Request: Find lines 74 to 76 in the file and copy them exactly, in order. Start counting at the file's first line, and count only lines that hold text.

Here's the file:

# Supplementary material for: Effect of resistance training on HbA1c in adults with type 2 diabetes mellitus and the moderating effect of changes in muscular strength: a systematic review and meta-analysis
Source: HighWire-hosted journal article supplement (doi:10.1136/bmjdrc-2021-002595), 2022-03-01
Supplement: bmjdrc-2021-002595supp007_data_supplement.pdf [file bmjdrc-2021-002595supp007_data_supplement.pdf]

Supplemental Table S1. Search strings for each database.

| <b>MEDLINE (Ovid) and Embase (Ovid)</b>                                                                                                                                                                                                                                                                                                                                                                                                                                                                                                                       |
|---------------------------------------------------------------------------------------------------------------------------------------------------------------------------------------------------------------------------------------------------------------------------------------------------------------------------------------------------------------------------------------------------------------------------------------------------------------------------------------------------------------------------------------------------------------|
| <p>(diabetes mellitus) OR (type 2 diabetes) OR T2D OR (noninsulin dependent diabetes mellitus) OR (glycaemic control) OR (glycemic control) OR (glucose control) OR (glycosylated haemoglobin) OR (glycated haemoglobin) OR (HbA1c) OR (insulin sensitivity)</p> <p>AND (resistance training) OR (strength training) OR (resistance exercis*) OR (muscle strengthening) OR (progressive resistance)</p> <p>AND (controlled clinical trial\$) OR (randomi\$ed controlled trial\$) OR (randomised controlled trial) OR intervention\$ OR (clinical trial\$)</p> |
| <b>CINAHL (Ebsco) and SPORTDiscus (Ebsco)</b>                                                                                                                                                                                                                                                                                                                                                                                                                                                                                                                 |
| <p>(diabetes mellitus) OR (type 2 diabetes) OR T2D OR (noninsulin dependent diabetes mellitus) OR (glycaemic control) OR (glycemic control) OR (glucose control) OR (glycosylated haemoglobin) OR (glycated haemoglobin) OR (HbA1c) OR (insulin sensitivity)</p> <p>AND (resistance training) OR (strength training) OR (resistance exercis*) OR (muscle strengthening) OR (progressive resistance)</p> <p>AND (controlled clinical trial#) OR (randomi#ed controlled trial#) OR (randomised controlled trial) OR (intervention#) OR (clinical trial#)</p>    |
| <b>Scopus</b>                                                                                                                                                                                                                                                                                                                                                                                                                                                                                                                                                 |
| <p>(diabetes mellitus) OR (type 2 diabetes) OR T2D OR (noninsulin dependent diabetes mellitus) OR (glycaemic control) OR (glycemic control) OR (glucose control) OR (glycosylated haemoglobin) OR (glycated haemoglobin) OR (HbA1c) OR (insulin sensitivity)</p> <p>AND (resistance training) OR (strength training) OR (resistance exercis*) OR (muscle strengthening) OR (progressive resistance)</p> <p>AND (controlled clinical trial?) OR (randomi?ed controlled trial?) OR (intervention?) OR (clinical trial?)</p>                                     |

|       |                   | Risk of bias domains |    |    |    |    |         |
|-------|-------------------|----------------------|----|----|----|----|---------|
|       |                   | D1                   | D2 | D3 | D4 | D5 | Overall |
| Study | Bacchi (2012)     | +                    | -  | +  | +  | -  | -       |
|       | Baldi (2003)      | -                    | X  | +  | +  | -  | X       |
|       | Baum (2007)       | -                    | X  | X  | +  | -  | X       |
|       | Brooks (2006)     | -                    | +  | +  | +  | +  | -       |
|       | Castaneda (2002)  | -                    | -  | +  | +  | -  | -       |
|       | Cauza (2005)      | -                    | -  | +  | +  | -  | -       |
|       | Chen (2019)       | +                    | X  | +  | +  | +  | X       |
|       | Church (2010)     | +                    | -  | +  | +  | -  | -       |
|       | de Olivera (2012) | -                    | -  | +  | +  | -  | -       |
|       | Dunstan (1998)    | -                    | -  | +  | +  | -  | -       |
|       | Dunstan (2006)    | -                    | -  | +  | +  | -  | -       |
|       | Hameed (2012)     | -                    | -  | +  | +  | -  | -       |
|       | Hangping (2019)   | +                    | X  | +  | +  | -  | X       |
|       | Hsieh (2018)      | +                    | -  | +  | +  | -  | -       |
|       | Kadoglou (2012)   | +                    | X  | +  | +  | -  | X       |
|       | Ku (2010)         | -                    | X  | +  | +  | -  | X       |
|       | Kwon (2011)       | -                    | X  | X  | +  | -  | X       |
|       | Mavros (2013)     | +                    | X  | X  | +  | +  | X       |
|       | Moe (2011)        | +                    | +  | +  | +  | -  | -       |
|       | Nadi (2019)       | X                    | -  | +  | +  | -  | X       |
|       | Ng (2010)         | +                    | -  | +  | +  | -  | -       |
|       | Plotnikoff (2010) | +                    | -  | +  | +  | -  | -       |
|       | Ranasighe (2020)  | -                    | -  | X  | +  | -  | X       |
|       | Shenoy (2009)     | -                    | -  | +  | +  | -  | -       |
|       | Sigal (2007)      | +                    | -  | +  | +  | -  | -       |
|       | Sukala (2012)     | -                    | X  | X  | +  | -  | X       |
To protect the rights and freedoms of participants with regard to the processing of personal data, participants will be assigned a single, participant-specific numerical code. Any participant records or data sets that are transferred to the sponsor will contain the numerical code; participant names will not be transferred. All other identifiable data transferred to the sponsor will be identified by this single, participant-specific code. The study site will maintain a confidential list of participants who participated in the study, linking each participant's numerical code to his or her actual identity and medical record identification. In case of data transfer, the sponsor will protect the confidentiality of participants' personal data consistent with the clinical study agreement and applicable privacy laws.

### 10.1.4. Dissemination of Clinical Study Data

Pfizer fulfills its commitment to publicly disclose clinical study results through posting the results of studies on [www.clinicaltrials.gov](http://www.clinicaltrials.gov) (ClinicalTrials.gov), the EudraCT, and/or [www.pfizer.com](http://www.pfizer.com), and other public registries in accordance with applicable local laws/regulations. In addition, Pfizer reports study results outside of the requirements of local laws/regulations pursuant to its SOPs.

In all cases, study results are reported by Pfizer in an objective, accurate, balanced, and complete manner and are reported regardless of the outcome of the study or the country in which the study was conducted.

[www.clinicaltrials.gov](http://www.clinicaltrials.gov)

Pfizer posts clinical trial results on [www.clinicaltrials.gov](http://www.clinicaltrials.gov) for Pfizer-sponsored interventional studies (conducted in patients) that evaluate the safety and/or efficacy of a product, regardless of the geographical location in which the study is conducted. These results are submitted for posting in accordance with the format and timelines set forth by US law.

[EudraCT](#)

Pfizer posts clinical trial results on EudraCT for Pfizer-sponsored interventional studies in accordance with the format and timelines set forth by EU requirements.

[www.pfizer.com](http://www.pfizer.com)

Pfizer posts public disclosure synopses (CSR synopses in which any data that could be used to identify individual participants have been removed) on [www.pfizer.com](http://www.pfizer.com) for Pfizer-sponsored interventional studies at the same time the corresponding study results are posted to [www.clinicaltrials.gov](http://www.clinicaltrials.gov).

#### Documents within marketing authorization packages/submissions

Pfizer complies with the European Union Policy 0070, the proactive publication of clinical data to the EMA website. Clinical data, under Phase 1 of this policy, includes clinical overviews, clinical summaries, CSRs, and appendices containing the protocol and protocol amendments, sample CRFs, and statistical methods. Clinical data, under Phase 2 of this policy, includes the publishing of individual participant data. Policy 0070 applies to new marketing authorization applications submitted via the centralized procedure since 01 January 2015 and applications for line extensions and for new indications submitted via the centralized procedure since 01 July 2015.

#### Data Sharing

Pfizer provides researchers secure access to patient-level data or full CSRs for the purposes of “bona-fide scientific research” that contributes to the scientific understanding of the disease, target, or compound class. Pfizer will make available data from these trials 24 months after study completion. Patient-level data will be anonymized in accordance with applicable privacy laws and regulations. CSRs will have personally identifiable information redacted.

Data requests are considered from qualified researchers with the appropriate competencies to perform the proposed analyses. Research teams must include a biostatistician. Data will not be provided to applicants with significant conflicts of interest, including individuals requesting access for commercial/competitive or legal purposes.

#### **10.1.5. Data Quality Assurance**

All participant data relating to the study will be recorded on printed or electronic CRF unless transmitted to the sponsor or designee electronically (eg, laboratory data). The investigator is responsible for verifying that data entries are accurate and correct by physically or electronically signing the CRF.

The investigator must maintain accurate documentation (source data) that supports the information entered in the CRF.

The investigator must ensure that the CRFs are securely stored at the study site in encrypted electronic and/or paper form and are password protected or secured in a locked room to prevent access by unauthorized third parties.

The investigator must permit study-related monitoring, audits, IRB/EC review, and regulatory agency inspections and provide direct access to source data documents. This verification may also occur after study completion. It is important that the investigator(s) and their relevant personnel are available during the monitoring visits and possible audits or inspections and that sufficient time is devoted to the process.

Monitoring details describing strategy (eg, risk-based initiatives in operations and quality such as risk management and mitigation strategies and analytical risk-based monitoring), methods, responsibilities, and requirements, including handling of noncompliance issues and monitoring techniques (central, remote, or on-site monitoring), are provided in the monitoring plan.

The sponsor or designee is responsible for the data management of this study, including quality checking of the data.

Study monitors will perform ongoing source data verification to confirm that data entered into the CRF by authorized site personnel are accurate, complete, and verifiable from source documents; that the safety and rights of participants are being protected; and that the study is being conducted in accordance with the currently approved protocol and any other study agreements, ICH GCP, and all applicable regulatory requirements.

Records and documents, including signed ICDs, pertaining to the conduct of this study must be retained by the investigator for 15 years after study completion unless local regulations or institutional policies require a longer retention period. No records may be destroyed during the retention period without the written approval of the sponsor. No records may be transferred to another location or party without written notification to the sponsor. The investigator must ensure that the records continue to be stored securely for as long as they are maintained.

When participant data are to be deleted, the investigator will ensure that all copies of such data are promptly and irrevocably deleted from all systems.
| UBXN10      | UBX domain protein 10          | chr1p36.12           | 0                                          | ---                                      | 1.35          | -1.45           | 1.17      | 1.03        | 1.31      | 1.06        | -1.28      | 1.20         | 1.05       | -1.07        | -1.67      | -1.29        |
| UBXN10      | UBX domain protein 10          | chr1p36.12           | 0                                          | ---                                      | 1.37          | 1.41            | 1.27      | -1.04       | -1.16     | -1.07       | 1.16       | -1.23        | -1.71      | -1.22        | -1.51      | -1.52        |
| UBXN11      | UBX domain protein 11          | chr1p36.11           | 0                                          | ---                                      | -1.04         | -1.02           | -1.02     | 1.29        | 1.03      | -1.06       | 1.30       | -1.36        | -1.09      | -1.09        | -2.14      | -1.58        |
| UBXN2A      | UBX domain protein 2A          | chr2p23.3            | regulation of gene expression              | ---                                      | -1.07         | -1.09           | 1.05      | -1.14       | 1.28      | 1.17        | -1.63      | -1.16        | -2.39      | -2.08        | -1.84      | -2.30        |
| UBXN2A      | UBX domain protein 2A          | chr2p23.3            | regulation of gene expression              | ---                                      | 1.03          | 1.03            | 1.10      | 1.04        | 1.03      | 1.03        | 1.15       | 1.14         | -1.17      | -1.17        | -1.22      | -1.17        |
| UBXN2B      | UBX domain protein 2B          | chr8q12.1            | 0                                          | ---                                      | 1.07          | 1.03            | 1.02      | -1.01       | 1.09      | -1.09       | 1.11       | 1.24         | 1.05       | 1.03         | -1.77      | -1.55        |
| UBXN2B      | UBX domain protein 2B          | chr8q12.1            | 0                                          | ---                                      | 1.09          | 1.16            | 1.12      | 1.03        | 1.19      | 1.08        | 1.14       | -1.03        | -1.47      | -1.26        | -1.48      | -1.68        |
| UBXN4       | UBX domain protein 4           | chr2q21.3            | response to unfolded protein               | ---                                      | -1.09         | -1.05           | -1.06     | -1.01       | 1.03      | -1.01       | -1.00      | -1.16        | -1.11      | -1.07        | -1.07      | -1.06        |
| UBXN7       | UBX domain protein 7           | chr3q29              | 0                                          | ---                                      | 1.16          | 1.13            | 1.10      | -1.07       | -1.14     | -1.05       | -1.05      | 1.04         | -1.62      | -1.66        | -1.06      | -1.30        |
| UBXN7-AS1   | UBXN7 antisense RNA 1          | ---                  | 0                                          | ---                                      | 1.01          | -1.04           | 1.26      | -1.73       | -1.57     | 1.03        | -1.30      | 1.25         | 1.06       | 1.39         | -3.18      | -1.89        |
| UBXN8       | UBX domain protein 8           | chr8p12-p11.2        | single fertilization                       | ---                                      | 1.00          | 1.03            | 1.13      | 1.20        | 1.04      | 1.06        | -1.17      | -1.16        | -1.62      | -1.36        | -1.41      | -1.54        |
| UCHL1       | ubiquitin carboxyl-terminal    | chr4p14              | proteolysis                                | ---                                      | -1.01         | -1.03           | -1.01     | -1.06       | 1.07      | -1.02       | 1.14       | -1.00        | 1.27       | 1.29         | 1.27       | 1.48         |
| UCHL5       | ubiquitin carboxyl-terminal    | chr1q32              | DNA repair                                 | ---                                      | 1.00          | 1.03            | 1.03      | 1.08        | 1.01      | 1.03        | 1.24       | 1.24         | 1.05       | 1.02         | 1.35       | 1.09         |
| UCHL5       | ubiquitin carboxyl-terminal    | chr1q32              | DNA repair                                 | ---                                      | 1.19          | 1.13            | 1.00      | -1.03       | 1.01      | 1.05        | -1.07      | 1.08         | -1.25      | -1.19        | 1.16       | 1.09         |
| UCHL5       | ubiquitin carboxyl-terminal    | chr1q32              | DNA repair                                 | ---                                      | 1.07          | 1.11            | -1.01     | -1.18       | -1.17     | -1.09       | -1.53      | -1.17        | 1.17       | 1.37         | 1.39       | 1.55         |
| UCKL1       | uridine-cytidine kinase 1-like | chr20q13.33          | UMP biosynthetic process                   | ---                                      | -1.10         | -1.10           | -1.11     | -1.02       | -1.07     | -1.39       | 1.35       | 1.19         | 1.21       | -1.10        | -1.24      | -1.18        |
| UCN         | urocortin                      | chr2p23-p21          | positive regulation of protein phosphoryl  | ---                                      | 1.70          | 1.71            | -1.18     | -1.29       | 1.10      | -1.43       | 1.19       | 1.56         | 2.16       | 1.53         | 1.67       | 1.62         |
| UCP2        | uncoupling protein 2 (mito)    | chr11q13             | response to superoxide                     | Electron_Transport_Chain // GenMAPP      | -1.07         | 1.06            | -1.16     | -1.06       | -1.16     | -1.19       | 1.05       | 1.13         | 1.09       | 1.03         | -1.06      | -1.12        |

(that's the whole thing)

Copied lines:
| UBXN7       | UBX domain protein 7           | chr3q29              | 0                                          | ---                                      | 1.16          | 1.13            | 1.10      | -1.07       | -1.14     | -1.05       | -1.05      | 1.04         | -1.62      | -1.66        | -1.06      | -1.30        |
| UBXN7-AS1   | UBXN7 antisense RNA 1          | ---                  | 0                                          | ---                                      | 1.01          | -1.04           | 1.26      | -1.73       | -1.57     | 1.03        | -1.30      | 1.25         | 1.06       | 1.39         | -3.18      | -1.89        |
| UBXN8       | UBX domain protein 8           | chr8p12-p11.2        | single fertilization                       | ---                                      | 1.00          | 1.03            | 1.13      | 1.20        | 1.04      | 1.06        | -1.17      | -1.16        | -1.62      | -1.36        | -1.41      | -1.54        |